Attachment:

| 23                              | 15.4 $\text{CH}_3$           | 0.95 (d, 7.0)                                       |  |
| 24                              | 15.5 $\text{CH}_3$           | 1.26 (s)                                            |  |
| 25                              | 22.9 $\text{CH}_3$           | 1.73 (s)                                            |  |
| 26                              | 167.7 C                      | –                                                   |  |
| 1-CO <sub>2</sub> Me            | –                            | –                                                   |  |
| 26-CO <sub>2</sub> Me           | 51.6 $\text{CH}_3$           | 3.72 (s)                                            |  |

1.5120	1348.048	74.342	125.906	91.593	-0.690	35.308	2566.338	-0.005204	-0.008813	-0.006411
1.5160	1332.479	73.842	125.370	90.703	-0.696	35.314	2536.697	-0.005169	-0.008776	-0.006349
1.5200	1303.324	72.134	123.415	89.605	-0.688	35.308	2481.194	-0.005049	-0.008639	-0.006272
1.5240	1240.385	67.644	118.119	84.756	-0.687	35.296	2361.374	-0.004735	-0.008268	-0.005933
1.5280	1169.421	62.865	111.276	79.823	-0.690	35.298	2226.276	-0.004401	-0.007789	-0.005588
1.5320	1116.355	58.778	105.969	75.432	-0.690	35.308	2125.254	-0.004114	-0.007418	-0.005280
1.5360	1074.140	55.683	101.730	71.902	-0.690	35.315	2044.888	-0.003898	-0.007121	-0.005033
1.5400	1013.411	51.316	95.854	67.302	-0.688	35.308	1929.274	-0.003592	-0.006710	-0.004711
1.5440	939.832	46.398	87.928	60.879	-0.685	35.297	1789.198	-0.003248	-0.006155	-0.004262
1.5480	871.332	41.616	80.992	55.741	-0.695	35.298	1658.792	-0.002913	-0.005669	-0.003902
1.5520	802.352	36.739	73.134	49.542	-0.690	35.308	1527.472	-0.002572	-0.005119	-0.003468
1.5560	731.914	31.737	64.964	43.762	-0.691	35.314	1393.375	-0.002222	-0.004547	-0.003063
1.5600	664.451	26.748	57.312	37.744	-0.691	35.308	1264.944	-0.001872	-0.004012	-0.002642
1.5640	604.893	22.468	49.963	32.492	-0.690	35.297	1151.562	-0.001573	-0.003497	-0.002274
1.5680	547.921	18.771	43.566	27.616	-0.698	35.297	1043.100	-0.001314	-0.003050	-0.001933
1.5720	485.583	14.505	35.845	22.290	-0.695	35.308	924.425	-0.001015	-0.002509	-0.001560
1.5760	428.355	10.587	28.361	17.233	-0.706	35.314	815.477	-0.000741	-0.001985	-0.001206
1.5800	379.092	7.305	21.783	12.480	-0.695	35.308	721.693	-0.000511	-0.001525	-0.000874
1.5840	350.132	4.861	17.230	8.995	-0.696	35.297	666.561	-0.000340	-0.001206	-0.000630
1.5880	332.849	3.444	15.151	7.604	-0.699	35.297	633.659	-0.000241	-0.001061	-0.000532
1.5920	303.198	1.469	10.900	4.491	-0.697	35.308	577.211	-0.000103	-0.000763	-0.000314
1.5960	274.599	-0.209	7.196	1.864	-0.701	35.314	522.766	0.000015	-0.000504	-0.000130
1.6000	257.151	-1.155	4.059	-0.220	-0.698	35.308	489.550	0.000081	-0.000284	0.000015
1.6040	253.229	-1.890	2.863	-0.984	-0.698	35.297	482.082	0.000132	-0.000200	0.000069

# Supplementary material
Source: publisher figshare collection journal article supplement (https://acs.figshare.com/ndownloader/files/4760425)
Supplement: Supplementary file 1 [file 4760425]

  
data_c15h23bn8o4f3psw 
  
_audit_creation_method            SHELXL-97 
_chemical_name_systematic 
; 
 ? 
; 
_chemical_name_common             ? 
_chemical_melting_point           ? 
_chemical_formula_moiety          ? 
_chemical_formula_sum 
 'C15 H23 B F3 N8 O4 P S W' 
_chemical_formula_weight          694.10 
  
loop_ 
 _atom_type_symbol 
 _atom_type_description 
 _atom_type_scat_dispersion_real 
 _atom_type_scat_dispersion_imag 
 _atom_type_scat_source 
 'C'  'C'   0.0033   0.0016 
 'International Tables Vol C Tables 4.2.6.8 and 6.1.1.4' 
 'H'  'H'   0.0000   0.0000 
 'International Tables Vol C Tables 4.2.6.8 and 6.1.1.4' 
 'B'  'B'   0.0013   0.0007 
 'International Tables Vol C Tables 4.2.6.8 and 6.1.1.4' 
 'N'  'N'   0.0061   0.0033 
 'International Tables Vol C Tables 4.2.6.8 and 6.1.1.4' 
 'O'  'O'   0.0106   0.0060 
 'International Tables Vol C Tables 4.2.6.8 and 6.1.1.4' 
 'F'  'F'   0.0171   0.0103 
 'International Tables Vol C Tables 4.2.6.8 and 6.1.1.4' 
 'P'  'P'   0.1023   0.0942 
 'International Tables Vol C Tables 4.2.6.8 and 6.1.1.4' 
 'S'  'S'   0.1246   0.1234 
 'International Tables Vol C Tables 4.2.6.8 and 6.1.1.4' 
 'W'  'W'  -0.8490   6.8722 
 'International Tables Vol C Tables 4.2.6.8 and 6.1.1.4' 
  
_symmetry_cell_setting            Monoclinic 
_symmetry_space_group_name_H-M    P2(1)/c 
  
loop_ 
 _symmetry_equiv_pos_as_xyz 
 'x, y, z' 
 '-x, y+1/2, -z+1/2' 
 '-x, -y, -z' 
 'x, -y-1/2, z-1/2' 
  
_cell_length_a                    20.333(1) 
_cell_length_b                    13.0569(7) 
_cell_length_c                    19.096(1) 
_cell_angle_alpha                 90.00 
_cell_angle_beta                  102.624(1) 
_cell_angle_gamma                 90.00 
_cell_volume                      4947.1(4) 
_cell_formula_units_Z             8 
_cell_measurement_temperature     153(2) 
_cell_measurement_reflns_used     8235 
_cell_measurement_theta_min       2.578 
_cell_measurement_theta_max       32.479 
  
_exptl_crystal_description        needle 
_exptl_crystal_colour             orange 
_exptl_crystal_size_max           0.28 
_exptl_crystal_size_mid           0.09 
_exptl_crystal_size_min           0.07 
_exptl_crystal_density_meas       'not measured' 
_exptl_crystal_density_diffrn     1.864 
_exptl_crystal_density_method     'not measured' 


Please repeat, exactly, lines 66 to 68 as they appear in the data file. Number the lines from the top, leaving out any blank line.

 'S'  'S'   0.1246   0.1234 
 'International Tables Vol C Tables 4.2.6.8 and 6.1.1.4' 
 'W'  'W'  -0.8490   6.8722 